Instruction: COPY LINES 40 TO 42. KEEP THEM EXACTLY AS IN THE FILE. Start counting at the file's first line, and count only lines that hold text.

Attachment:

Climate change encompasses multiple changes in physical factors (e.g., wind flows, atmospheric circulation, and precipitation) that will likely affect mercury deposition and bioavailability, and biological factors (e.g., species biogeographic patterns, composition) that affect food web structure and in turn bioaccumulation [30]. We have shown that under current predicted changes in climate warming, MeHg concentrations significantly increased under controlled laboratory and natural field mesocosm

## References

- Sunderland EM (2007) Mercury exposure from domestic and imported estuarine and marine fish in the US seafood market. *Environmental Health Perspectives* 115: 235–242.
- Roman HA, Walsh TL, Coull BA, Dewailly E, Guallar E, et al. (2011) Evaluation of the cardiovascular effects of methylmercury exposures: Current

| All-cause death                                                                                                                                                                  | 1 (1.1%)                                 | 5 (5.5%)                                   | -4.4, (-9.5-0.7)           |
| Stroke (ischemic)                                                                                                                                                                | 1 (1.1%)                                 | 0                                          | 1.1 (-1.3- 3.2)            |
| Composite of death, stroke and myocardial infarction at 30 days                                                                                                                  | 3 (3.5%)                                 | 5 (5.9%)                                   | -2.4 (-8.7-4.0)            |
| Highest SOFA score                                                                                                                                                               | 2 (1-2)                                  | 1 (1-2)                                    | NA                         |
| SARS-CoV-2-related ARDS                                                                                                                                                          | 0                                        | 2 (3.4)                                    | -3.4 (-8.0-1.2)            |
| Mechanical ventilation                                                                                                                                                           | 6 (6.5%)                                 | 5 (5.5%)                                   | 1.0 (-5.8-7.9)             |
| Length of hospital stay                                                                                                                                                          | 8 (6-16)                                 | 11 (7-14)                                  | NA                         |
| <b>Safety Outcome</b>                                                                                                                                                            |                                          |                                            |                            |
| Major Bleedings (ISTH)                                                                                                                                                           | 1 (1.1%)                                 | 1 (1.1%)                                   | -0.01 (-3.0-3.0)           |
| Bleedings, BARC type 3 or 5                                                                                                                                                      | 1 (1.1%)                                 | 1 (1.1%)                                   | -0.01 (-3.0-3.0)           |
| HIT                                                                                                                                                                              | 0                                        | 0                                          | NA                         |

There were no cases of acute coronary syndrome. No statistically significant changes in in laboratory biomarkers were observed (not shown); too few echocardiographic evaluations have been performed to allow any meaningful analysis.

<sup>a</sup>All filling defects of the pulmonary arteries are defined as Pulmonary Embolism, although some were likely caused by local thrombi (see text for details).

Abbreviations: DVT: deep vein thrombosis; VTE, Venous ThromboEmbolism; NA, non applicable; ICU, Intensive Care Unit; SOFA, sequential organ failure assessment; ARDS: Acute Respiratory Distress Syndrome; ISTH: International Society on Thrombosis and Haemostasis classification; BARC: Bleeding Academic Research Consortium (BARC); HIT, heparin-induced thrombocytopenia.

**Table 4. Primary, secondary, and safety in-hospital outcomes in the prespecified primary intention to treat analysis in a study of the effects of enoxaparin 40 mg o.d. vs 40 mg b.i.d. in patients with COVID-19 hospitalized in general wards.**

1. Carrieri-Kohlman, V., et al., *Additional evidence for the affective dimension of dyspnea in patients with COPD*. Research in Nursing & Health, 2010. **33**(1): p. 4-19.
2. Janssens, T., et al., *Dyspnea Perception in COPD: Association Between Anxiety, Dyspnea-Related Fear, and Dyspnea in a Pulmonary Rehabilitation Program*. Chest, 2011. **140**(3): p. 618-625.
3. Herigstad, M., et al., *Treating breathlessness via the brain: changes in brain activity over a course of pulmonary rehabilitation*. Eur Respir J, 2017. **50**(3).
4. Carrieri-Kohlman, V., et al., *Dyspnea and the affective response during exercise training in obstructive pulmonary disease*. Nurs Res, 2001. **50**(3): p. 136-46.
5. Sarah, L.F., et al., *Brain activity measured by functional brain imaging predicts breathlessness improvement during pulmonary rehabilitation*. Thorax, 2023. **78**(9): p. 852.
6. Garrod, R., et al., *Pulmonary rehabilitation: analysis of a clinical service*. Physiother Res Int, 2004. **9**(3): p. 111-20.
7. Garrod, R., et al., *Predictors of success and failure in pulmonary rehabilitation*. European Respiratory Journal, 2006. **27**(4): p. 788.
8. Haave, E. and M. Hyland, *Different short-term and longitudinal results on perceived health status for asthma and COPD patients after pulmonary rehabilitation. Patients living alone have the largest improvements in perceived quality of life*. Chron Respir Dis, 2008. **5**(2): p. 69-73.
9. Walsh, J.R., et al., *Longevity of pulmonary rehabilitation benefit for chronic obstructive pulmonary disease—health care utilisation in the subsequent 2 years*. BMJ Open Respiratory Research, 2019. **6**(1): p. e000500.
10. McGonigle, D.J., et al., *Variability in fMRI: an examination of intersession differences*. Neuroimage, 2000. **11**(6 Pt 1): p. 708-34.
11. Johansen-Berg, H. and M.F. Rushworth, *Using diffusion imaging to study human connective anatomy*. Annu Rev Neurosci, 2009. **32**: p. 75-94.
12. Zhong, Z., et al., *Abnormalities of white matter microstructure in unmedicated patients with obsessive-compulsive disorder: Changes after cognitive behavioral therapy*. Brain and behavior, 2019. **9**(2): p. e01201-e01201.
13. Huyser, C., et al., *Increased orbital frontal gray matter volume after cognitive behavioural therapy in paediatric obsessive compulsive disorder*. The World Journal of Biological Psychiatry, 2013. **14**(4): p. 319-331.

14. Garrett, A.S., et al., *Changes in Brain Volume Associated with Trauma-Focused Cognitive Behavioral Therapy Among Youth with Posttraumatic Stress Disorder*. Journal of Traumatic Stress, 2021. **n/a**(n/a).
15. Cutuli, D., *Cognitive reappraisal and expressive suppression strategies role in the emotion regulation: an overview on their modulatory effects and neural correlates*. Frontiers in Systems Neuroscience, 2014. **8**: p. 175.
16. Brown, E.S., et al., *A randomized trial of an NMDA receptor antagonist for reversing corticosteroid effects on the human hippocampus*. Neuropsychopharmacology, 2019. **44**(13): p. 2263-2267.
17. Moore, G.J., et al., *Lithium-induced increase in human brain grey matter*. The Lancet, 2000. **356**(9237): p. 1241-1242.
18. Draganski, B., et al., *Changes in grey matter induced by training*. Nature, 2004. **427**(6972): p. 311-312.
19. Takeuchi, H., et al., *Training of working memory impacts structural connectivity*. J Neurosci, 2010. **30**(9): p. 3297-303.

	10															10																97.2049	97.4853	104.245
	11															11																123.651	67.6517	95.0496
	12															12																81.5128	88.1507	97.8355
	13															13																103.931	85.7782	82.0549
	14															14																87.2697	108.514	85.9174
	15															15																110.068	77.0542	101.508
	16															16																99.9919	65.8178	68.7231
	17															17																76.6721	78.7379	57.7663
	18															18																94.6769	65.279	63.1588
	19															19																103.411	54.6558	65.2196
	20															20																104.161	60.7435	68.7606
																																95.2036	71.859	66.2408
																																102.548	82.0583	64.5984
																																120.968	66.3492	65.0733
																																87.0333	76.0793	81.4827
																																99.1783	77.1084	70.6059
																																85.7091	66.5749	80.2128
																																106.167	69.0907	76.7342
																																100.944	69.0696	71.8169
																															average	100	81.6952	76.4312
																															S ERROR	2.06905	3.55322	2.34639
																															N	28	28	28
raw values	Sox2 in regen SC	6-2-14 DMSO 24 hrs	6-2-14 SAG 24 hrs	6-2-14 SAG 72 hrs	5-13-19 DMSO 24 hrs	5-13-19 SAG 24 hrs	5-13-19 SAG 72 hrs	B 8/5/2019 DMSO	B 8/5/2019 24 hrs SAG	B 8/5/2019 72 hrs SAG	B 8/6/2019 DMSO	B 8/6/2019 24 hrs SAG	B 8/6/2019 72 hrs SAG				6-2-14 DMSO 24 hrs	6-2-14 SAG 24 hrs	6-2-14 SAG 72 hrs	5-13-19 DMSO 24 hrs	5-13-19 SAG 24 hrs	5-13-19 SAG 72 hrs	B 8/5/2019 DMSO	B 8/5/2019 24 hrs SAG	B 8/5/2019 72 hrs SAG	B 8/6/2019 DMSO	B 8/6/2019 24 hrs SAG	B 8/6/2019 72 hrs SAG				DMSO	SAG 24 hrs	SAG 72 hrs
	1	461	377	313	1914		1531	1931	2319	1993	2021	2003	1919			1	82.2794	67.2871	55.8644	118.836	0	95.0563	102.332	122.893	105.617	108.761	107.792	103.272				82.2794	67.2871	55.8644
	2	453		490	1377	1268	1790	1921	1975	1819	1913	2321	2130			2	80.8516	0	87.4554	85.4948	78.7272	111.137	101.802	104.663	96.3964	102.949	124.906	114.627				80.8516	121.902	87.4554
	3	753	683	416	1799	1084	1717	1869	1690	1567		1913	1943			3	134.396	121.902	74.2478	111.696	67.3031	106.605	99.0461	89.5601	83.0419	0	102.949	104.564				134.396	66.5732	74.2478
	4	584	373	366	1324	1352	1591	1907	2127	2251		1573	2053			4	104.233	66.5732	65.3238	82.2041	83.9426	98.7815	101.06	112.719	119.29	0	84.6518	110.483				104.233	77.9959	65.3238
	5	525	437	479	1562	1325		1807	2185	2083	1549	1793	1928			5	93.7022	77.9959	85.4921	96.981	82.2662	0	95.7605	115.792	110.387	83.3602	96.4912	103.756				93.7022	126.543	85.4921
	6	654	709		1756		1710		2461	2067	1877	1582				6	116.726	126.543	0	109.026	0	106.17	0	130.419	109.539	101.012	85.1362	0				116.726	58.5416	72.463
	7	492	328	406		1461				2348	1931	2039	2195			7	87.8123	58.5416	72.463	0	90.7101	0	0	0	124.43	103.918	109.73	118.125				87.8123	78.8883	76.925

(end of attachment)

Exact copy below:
	11															11																123.651	67.6517	95.0496
	12															12																81.5128	88.1507	97.8355
	13															13																103.931	85.7782	82.0549